Shortly after I read this story, I came across a passage in the book two of Sigrid Undset’s great novel trilogy Kristin Lavransdatter. Poor Kristin is tormented by the fear that, because of her sins, her unborn child has been cursed with some dreadful deformity. When she can’t sleep, she turns to prayer and finds some temporary relief there.
Brother Edvin had said that the Mother of God felt an equal joy every time she heard the angel’s greeting, even if it came from the lips of the most wretched sinner. And it was the words Dominus tecum [the Lord is with thee] that most cheered Mary’s heart; that was why Kristin always said them three times.
There is, of course, some superstition mixed in here. Kristin is still quite immature (although not the “wretched sinner” she thinks she is), and the Catholic faith of her community is heavily mingled with a childish paganism, where God is always angry and must be propitiated.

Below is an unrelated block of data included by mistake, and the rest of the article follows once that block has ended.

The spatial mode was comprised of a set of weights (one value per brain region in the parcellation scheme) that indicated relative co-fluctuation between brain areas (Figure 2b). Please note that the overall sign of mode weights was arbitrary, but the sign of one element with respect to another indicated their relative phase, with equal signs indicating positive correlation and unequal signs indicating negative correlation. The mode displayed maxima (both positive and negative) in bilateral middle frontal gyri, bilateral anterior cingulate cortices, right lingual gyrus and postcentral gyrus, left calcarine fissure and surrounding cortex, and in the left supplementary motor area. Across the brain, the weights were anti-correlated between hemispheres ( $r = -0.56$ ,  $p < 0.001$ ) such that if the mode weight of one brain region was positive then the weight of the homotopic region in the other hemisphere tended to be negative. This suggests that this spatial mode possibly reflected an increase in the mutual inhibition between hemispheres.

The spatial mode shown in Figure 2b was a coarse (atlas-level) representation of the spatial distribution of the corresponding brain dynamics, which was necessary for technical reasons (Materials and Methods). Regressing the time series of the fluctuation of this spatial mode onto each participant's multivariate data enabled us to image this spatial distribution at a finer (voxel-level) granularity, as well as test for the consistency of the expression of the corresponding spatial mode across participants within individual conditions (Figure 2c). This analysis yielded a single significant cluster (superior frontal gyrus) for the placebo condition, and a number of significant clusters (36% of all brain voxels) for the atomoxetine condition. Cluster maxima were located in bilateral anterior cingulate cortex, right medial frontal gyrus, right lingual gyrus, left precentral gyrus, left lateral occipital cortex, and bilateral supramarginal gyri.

But how delightful that, even in her distress, she thinks to “cheer Mary’s heart”, and understands that her own peace is linked with the joy of her heavenly mother. I think this possibility is often missing from the prayer of modern people. We are aware that God and Mary and the saints and angels don’t need us, and we’re aware that prayer is good for us; but we may forget that those in heaven enjoy hearing from us.
Modern Catholics sometimes become so relaxed in their relationship with God that their faith becomes a warm, amorphous blob of emotion, without any particular structure or demands. This is a disastrous error. But it’s just as disastrous to pray as if our spiritual relationships are nothing but cold obligation, a mechanism by which we win back our souls from the underworld.
Mary – our Mamma – is waiting to hear from us. She’s delighted to hear our voices, cheered to recall that the Lord is with her, eager to bring us into that warm circle of delight. So say it again. Say it three times! Hail Mary, full of grace, the Lord is with thee; and we, your darlings, want to be there, too.